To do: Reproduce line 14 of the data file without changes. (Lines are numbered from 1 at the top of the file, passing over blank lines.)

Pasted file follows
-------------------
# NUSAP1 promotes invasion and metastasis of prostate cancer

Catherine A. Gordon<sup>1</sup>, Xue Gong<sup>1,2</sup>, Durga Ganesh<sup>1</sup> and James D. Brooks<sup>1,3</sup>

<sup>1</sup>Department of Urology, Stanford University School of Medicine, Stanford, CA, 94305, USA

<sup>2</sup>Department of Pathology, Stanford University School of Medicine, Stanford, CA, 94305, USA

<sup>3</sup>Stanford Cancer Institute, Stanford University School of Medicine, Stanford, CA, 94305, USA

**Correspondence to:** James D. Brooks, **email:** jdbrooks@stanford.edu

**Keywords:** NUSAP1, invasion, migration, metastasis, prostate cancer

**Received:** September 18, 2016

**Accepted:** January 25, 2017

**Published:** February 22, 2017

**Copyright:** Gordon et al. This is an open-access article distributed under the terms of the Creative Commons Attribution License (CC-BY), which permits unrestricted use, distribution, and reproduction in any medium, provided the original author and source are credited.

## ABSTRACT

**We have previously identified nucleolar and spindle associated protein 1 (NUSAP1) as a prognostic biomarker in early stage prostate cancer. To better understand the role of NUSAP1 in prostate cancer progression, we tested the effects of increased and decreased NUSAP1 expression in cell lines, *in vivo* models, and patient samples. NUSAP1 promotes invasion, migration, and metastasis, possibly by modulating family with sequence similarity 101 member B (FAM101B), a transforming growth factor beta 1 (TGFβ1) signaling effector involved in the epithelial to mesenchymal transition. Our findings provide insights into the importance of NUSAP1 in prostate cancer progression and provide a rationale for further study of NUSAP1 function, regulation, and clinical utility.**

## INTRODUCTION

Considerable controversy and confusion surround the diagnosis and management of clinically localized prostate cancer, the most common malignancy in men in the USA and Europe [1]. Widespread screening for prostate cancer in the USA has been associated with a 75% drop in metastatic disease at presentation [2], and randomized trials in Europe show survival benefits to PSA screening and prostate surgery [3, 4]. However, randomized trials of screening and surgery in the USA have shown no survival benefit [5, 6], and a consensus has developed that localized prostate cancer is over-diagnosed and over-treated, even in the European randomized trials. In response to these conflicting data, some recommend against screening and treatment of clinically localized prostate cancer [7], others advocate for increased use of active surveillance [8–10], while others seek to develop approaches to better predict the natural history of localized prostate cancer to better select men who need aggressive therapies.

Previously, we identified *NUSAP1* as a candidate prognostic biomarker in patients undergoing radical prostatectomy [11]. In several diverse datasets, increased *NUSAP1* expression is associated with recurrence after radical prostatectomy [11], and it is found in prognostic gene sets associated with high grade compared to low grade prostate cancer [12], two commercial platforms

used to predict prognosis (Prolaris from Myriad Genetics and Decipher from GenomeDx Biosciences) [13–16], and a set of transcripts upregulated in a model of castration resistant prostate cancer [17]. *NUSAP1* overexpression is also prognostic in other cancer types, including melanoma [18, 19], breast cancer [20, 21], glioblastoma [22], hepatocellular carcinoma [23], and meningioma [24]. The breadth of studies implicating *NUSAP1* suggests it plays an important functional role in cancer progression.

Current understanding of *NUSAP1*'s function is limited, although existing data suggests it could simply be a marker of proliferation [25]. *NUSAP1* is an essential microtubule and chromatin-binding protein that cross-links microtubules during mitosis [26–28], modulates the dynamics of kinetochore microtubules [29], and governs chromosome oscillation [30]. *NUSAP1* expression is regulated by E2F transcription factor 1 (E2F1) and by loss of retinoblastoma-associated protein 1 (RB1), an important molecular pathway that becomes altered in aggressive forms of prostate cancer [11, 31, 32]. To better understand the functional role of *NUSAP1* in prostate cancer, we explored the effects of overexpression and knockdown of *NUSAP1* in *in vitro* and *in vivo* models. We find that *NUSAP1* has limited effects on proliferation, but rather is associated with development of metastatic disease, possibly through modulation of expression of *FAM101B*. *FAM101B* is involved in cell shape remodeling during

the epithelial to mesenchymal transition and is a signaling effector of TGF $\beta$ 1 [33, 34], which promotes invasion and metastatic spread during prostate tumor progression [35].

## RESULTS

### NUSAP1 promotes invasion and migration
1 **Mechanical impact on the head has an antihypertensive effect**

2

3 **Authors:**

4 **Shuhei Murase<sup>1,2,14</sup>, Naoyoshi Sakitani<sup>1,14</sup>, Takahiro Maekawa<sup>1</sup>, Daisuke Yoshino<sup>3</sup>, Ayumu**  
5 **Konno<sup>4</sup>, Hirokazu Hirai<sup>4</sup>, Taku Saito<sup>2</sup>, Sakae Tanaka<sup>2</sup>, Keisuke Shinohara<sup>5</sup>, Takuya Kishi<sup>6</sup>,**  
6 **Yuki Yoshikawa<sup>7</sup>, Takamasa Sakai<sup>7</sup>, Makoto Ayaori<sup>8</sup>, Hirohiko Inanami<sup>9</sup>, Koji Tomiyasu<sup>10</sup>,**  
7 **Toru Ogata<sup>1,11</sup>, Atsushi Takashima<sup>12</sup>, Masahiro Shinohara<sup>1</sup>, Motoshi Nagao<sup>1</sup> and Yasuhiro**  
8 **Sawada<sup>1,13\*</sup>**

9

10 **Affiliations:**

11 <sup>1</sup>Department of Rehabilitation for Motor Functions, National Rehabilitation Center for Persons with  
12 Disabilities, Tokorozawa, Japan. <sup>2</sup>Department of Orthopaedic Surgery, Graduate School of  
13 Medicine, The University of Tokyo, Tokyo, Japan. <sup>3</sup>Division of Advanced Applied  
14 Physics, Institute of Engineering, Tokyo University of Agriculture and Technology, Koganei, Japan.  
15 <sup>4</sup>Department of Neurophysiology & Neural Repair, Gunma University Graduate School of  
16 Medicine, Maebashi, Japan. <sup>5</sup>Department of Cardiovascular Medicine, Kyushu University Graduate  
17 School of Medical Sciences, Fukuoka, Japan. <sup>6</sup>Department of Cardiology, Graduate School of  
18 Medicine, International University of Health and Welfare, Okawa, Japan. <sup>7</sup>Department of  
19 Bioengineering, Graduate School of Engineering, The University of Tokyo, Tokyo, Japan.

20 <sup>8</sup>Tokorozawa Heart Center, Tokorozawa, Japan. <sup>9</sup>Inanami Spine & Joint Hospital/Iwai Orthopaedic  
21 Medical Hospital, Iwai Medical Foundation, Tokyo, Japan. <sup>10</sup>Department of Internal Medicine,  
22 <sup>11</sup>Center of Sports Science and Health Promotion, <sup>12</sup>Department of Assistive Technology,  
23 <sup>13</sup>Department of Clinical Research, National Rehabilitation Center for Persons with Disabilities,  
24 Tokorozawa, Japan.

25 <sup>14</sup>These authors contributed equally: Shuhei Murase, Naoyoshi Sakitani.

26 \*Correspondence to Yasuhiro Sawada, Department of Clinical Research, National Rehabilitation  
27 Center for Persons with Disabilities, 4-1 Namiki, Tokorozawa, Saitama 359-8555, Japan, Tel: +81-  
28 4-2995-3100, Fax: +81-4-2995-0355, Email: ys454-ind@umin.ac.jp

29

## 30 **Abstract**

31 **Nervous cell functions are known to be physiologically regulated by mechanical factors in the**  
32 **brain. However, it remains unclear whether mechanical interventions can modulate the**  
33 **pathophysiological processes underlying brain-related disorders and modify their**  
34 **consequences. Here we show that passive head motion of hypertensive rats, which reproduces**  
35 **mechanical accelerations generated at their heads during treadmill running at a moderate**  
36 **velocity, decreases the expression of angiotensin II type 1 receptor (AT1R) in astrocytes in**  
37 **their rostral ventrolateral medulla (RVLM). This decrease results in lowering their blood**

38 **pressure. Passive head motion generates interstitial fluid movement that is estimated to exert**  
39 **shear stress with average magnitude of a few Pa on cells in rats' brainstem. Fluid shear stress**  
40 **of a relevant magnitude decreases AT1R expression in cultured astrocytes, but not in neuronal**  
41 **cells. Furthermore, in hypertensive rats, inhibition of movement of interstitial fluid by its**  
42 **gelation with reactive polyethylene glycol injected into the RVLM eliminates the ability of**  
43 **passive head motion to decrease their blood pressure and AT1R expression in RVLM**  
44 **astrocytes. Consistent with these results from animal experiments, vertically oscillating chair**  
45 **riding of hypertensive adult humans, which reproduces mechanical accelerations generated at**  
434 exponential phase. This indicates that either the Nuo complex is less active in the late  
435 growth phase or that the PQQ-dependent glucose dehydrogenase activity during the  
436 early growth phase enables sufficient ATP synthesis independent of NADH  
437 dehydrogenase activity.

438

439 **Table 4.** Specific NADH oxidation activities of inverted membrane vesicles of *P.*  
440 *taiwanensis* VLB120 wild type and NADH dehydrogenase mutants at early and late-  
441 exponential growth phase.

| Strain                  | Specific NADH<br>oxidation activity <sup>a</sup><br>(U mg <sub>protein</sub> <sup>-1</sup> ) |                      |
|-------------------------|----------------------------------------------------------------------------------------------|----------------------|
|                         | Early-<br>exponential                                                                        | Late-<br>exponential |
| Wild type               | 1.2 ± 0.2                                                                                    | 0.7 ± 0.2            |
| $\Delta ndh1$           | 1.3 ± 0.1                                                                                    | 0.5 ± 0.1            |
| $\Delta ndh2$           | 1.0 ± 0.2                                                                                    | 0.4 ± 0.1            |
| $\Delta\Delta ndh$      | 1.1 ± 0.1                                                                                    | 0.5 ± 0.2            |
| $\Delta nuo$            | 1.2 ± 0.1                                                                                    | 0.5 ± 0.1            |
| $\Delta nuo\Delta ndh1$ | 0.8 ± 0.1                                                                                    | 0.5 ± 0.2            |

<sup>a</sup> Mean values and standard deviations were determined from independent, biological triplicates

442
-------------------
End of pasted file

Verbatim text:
## INTRODUCTION